The grand finale has all the townspeople using dynamite, guns, ropes, shovels, anything they have, to stop the hoard of rampaging horsemen into town. It’s a cornucopia of carnage of untold proportions as bodies get blown away and start to pile up on the streets. (Note: It’s PG-13, so the violence isn’t Tarantino-style buckets o’blood ‘n’ guts spewing everywhere; there’s little blood shown). Bullets fly, arrows whizz by, and a Gatling gun is brought in to give the townspeople a final coup de grâce. Each of our heroes give it their best shot to shoot as many bad guys before they themselves get turned into Swiss cheese, except for three of them, who manage to survive this Western apocalypse. No, I ain’t sayin’ who survives!
Directed by Antoine Fuqua with great flair and a keen eye; the suspense and flavor of the old Western theme is everywhere and feels great. With an over-written screenplay by Nick Pizzolatto (True Detective) and Richard Wenk (The Expendables 2), this long 2 hrs 12 mins film could have been tweaked with better exposition, but the basic structure does pay homage to the original movie. The real excitement lies in the actual battles, which are just as nail-biting as the one’s from Braveheart or Silverado. There’s also a wickedly beautiful score by the late James Horner and Simon Franglen that adds to the overall scope of the movie with some terrific cinematography by Mauro Fiore.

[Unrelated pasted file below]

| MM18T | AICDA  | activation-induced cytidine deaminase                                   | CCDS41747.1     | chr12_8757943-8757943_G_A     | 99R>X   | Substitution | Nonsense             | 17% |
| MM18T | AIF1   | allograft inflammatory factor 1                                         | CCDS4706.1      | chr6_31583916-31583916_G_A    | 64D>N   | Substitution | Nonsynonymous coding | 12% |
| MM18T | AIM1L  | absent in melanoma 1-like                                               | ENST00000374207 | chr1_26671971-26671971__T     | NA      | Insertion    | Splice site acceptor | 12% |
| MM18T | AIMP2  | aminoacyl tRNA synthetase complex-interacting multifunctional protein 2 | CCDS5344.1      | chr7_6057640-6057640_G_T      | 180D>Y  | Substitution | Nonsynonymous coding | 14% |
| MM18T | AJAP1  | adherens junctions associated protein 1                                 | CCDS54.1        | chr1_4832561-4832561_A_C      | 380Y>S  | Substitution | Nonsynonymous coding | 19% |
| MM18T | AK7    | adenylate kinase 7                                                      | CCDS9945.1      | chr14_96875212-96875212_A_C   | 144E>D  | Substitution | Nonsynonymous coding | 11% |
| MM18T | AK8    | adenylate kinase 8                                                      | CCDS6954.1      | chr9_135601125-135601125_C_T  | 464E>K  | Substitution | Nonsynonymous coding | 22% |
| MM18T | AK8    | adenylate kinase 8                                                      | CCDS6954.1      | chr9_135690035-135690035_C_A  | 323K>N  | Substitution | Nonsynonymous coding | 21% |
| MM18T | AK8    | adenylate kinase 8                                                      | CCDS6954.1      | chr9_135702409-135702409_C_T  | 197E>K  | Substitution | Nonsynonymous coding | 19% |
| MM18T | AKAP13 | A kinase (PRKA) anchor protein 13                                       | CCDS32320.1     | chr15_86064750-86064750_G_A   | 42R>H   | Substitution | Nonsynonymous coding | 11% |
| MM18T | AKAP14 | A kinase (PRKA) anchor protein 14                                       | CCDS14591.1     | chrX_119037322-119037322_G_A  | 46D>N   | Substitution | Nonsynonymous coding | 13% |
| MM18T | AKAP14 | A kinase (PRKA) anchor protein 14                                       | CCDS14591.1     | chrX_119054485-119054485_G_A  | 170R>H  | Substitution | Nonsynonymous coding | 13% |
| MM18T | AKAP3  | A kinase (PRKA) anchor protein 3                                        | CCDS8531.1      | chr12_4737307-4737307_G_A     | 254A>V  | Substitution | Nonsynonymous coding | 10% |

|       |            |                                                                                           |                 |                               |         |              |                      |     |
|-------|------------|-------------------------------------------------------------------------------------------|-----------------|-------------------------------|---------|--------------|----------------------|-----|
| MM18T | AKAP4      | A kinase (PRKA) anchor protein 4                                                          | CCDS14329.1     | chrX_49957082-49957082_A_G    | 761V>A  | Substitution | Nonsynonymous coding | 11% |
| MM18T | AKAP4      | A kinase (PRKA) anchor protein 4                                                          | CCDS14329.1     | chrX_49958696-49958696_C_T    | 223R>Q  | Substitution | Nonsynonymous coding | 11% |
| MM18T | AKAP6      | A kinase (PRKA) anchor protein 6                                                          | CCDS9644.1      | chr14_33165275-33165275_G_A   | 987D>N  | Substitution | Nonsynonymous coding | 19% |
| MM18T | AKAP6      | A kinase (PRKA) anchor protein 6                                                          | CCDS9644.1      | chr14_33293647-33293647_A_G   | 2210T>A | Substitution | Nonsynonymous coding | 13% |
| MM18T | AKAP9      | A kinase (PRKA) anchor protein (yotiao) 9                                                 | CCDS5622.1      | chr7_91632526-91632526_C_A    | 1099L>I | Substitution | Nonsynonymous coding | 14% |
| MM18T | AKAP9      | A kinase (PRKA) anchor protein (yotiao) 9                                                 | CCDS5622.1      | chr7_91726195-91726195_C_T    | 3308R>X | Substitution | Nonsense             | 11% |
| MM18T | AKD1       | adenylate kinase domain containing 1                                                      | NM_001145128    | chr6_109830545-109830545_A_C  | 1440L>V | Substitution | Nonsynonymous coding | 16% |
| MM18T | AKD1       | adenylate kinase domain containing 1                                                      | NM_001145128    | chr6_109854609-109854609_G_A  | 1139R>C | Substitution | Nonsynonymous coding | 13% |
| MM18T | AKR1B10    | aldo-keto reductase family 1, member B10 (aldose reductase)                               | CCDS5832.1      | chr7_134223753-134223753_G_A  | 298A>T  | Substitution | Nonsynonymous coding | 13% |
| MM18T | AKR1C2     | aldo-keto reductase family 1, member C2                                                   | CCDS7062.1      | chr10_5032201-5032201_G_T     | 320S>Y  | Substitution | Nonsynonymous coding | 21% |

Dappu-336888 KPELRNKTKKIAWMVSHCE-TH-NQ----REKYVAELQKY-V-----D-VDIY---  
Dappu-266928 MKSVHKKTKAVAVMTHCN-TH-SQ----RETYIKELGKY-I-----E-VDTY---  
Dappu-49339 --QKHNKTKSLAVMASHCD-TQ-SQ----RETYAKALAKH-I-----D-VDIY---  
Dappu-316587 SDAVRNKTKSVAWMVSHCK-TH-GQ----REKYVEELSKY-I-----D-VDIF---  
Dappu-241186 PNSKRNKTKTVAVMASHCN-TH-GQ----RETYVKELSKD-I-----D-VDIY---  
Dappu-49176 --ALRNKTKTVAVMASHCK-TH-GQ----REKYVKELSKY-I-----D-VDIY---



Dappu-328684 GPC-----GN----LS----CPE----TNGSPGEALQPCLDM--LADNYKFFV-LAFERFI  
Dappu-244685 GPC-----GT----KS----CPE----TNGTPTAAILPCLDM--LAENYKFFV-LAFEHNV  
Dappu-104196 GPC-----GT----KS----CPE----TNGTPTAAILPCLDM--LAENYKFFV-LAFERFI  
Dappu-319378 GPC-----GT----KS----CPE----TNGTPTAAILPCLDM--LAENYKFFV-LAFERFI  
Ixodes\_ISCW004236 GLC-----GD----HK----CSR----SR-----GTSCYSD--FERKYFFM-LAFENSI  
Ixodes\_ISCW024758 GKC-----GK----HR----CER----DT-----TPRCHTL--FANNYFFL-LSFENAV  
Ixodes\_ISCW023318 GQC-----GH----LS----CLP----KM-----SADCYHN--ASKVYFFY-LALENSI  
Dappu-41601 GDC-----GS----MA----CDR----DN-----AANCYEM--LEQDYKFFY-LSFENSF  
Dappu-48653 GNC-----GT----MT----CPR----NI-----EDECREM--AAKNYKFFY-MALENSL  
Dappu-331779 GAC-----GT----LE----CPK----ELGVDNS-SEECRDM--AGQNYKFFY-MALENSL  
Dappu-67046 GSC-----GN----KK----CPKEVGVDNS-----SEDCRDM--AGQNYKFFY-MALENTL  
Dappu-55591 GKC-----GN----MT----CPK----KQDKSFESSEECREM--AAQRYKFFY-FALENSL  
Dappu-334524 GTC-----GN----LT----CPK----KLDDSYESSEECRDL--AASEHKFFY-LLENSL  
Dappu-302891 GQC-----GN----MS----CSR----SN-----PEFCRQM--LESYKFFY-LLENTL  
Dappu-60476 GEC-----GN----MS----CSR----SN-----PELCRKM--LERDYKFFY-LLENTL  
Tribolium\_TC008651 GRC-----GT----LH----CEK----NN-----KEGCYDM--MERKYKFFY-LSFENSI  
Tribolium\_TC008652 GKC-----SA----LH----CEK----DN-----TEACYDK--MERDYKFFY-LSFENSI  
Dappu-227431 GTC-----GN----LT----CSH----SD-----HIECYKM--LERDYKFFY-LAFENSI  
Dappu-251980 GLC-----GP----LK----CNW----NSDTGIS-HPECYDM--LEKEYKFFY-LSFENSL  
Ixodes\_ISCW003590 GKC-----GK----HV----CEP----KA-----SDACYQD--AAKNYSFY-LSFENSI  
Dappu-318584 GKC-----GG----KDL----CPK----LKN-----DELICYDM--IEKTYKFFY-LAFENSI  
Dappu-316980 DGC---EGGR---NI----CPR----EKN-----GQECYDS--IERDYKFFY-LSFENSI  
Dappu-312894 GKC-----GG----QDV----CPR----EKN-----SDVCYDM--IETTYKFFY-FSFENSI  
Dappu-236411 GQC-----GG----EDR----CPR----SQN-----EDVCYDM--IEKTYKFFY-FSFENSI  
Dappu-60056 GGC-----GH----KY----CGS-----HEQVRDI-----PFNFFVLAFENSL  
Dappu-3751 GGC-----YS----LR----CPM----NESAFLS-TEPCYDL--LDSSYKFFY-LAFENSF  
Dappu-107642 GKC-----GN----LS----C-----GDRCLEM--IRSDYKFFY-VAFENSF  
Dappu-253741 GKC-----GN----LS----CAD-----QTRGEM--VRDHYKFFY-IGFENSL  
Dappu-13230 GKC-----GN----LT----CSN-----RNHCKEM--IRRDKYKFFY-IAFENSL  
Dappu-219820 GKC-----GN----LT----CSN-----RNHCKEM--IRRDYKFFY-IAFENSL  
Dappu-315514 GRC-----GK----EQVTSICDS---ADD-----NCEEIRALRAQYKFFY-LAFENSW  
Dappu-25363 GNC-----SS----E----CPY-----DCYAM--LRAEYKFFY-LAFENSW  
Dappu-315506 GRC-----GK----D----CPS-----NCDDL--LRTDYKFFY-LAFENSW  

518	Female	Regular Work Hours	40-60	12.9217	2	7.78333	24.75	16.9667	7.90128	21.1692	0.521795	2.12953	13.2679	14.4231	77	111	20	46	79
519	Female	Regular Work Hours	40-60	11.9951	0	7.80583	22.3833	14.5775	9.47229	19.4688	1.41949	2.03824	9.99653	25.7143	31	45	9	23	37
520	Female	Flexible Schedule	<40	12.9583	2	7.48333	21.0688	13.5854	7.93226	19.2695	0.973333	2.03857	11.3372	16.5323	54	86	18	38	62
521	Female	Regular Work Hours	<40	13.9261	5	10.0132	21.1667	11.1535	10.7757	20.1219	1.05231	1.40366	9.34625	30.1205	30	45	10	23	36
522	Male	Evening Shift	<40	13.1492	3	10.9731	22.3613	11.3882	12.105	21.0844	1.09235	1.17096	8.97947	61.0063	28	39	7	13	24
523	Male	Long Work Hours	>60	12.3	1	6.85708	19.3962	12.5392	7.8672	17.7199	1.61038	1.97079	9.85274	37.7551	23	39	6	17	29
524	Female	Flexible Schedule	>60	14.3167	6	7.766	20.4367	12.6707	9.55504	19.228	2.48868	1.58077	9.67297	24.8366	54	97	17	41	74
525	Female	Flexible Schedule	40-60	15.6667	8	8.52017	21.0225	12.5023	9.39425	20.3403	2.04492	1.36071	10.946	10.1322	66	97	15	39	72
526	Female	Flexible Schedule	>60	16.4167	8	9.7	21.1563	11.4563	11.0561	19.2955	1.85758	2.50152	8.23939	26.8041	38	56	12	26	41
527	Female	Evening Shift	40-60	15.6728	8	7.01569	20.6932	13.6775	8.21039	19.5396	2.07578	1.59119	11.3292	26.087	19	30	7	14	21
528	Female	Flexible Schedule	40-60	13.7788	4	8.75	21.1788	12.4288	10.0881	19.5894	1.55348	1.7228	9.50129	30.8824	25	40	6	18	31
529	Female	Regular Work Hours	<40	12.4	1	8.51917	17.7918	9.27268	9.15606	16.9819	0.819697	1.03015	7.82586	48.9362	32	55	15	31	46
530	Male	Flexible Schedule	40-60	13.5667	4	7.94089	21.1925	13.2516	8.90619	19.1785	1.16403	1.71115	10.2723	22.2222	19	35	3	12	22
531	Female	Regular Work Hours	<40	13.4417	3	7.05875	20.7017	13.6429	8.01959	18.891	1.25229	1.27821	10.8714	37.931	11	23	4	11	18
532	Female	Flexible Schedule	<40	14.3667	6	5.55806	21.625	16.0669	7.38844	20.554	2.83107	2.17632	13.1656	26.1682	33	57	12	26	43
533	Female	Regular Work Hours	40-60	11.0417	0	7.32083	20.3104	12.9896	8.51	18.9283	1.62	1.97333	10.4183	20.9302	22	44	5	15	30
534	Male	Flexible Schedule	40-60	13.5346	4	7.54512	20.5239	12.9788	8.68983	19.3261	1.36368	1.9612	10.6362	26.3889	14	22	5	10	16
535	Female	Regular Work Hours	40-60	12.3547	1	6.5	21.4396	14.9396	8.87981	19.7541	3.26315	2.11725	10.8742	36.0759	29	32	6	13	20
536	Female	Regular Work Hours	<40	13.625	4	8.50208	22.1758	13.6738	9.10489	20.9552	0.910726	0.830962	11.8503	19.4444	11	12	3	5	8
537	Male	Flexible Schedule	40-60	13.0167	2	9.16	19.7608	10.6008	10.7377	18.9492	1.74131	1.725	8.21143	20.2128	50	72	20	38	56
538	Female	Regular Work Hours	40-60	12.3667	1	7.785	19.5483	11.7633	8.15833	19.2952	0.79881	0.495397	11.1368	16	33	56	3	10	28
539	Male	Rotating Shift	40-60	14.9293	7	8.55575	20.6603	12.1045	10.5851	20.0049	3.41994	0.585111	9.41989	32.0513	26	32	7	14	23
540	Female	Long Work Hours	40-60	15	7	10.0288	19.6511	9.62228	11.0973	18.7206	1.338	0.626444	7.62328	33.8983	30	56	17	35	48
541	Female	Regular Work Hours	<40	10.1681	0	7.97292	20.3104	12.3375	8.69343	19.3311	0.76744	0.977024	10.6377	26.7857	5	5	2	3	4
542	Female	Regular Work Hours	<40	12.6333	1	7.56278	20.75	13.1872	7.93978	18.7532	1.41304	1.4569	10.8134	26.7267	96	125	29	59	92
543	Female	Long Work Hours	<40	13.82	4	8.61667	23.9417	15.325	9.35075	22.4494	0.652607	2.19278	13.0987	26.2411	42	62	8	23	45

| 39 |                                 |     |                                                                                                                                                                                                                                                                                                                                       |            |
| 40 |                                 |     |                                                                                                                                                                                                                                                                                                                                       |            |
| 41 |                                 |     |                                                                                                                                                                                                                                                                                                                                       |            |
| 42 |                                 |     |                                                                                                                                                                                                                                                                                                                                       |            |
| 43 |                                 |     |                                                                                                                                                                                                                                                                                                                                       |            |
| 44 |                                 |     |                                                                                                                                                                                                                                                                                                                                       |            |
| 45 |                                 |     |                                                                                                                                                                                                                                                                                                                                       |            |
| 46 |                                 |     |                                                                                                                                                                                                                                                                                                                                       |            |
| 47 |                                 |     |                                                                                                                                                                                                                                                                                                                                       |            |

Although the dialoge here isn’t Sorkin, the fun is watching the two main stars: Washington and Pratt who carry the film with their easy-going charm and dynamic presence. Pratt is there to add the comic relief and even goes psycho on occasion, to show a nice unexpected twist to his character, while Washington (like Yul Brynner in the original) is the glue that holds the picture together with his quiet, yet powerful authority. Look for beautiful and spunky Bennett in her understated role, and the team of Hawke and Lee, who have nice chemistry as best friends. As far as remakes go, it’s far better than the recent slew that we’ve been getting!